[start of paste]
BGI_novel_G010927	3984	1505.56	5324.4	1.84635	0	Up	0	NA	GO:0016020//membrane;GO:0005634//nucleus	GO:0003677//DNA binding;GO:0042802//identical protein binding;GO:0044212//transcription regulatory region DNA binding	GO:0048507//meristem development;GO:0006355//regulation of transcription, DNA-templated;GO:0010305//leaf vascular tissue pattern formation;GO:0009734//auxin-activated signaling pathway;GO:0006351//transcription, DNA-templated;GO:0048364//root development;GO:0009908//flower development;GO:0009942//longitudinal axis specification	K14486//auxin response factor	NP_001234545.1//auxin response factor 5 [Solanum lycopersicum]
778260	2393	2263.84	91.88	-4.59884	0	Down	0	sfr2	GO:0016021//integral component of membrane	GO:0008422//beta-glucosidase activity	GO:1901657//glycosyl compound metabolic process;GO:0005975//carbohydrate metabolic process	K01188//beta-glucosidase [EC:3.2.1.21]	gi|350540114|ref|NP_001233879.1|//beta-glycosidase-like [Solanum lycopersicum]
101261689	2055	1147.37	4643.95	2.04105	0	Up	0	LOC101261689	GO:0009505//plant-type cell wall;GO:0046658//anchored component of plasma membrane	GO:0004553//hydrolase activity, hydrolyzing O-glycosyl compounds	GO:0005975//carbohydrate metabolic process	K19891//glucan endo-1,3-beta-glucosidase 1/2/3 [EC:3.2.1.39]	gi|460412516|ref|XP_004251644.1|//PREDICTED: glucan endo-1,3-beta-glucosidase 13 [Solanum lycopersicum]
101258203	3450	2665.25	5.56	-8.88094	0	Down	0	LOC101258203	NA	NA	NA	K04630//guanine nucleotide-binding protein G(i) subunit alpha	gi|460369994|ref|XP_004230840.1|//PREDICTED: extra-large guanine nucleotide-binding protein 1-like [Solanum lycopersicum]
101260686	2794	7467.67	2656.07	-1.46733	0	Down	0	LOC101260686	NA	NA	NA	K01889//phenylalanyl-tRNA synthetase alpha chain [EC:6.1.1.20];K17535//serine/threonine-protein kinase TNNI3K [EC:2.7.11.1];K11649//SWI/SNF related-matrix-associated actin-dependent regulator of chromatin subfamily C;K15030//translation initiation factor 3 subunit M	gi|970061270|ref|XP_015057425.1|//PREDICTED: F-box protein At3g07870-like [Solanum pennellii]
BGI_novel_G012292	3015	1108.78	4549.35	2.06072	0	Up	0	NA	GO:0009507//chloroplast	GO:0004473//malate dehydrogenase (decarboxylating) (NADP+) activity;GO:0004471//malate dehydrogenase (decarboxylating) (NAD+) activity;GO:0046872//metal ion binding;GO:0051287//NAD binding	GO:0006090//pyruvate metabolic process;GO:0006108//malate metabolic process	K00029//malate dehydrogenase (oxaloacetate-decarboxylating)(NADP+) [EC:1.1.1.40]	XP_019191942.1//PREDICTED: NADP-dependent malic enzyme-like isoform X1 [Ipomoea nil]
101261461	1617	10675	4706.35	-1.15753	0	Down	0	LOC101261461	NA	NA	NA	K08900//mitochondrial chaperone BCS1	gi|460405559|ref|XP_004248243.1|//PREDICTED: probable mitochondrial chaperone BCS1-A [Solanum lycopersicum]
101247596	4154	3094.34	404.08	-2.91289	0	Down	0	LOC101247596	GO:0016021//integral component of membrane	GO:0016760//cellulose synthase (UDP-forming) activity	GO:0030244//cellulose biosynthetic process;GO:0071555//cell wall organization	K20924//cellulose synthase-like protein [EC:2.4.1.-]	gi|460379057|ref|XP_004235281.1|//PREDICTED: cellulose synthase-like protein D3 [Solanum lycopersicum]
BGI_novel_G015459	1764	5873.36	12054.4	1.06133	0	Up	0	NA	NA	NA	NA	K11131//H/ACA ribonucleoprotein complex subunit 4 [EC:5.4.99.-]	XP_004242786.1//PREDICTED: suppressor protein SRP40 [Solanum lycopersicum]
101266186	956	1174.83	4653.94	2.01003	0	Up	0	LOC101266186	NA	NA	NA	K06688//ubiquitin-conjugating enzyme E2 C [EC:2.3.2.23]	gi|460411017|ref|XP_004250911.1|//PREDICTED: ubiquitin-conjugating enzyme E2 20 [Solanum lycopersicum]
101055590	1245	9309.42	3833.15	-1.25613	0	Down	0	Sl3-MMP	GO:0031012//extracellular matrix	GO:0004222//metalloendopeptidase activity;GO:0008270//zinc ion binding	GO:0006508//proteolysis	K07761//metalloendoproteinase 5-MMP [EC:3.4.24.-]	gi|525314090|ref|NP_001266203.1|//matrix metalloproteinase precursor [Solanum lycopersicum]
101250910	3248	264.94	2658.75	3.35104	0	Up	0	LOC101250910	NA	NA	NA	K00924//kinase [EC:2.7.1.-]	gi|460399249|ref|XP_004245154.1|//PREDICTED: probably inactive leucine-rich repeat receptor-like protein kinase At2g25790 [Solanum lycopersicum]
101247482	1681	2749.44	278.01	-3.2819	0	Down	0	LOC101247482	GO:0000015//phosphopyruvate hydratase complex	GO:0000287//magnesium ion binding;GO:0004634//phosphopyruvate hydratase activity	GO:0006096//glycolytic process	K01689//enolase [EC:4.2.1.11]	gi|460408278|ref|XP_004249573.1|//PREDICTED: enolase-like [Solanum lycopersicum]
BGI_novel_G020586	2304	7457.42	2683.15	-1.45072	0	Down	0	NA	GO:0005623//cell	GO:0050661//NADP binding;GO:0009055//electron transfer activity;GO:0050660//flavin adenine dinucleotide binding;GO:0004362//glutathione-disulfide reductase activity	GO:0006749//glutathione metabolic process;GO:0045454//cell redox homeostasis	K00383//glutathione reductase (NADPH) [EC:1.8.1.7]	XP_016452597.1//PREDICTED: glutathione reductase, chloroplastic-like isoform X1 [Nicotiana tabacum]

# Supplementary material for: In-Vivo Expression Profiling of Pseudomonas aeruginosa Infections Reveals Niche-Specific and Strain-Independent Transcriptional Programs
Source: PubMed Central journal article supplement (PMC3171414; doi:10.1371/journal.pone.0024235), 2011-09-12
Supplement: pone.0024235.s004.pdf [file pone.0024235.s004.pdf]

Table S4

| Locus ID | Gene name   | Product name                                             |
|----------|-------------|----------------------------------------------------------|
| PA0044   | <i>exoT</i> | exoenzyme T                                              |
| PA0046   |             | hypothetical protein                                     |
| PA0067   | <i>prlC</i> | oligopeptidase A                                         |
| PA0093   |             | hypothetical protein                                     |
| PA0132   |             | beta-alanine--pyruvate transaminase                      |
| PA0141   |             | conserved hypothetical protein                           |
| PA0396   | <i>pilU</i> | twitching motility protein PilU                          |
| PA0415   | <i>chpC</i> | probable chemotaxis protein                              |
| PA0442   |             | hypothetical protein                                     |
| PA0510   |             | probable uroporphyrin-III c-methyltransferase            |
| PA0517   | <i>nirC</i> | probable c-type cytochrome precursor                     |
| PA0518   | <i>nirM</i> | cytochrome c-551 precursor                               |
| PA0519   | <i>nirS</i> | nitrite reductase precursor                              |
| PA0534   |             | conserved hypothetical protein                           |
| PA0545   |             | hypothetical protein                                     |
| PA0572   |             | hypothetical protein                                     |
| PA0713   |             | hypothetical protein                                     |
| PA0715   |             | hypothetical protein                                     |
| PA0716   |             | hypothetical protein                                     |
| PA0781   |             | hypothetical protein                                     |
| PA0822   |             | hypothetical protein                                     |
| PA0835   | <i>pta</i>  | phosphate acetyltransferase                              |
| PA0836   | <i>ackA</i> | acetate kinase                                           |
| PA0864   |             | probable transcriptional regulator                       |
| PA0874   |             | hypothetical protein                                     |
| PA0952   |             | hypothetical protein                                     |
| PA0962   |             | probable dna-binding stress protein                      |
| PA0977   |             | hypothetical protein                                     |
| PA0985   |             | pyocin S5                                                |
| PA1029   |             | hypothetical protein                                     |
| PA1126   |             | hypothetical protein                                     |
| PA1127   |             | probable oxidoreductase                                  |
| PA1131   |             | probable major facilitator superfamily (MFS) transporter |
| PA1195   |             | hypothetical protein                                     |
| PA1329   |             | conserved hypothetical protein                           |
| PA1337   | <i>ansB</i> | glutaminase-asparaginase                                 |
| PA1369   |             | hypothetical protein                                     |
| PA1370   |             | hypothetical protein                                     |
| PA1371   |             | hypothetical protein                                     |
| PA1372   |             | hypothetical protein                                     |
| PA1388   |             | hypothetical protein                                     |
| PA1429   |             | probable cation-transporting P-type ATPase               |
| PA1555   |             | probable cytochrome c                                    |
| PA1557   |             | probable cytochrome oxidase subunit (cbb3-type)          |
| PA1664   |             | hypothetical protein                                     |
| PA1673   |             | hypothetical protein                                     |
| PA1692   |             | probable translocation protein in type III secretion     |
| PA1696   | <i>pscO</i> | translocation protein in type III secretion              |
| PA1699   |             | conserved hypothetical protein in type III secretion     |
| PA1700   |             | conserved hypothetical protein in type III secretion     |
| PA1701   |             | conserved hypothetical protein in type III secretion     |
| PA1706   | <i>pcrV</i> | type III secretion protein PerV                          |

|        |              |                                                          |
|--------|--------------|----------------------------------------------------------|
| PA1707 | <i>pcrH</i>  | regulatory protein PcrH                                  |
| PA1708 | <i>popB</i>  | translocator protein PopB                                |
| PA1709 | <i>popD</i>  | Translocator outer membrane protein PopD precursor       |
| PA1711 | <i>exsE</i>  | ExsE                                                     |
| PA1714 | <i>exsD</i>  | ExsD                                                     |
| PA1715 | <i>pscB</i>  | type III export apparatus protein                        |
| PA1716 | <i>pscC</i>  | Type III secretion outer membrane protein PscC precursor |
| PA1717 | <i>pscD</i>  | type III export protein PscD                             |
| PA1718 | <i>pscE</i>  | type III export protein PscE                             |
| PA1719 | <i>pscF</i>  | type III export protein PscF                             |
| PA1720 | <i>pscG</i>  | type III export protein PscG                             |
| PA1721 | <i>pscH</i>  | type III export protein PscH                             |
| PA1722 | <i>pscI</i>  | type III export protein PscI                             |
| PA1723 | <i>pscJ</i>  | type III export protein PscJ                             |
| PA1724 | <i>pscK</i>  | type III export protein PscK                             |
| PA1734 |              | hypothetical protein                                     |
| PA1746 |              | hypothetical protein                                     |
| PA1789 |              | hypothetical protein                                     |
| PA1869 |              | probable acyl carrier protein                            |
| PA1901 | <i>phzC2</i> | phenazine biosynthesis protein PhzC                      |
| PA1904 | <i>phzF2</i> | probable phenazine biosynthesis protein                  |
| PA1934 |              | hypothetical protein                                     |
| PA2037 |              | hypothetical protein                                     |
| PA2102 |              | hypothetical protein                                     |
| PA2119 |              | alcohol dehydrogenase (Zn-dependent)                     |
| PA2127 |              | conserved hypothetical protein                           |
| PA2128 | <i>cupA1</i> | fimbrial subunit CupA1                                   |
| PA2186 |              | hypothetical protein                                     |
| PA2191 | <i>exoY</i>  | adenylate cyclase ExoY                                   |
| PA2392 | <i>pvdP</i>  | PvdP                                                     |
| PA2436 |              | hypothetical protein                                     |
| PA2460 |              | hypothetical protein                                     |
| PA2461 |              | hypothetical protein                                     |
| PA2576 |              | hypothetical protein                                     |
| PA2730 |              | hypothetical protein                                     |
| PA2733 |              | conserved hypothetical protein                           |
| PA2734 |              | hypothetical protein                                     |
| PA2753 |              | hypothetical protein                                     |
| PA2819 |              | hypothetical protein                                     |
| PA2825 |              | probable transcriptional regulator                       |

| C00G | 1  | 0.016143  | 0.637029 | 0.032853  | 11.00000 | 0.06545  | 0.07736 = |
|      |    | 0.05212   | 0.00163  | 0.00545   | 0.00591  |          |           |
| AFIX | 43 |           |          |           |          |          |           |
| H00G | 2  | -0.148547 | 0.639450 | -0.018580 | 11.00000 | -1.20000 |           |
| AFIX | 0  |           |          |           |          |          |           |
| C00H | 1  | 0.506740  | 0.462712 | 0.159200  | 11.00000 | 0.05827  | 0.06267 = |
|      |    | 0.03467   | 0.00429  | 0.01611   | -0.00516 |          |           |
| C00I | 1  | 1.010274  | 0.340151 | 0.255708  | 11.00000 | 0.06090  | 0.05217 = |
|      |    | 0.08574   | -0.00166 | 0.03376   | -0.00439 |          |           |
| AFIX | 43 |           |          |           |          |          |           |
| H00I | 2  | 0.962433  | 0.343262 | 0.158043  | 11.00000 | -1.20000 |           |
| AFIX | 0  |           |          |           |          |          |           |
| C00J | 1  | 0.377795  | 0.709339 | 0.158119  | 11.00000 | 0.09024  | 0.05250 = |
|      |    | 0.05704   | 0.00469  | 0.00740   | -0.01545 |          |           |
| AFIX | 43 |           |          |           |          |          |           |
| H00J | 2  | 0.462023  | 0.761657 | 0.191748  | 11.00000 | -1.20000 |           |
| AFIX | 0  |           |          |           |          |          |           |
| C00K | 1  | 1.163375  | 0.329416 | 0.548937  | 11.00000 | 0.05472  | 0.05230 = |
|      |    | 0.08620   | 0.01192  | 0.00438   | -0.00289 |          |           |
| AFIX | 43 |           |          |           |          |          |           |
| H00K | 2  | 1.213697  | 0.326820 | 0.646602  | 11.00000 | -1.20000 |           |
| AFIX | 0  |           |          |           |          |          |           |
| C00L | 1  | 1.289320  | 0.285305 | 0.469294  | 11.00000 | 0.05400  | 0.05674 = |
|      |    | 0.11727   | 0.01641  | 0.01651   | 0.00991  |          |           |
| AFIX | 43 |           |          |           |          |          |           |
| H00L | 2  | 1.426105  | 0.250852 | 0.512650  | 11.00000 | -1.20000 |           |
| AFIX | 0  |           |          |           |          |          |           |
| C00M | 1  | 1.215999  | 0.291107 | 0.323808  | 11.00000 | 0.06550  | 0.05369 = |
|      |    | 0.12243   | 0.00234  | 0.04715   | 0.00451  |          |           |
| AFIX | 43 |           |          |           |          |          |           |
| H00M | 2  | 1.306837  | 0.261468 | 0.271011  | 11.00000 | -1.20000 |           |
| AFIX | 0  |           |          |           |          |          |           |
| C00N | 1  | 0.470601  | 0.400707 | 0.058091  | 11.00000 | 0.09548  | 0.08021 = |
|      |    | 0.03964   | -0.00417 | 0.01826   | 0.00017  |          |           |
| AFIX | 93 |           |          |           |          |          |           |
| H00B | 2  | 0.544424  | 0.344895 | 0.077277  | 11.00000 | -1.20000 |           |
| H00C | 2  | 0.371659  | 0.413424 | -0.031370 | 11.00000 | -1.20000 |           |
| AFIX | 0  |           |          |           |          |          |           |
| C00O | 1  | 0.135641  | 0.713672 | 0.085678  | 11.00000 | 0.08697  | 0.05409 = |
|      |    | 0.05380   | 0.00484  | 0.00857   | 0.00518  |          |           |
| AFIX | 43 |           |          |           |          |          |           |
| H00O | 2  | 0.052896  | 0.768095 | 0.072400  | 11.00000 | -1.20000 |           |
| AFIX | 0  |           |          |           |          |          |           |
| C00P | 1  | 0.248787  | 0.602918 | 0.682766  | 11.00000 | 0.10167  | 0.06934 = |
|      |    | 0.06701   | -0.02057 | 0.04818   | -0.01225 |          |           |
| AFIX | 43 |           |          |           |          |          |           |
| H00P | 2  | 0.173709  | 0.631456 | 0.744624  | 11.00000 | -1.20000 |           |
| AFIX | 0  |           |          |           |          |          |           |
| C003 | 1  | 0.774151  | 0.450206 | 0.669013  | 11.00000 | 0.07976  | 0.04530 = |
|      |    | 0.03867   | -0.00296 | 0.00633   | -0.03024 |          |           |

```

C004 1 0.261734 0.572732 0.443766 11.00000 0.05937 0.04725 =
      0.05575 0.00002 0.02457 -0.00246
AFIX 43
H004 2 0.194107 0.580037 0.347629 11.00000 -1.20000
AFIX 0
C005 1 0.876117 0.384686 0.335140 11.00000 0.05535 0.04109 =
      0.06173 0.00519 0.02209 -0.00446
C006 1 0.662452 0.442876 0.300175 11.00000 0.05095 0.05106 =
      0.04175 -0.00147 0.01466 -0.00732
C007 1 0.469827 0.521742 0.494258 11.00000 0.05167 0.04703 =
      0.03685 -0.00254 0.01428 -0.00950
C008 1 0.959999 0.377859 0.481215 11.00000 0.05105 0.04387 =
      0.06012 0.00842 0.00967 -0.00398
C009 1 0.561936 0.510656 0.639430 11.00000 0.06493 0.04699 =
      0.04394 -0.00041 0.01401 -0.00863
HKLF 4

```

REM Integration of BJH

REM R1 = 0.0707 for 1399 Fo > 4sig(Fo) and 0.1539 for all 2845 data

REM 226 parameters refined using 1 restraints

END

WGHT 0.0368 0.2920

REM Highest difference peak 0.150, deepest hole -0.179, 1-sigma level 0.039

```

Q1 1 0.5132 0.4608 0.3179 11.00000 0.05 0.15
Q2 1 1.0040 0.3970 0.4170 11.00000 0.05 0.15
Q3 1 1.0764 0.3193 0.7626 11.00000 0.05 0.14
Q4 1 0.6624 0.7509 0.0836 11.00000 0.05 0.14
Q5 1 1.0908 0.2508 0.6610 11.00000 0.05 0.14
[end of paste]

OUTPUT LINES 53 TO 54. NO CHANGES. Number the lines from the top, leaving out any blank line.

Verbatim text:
| PA1131   |             | probable major facilitator superfamily (MFS) transporter |
| PA1195   |             | hypothetical protein                                     |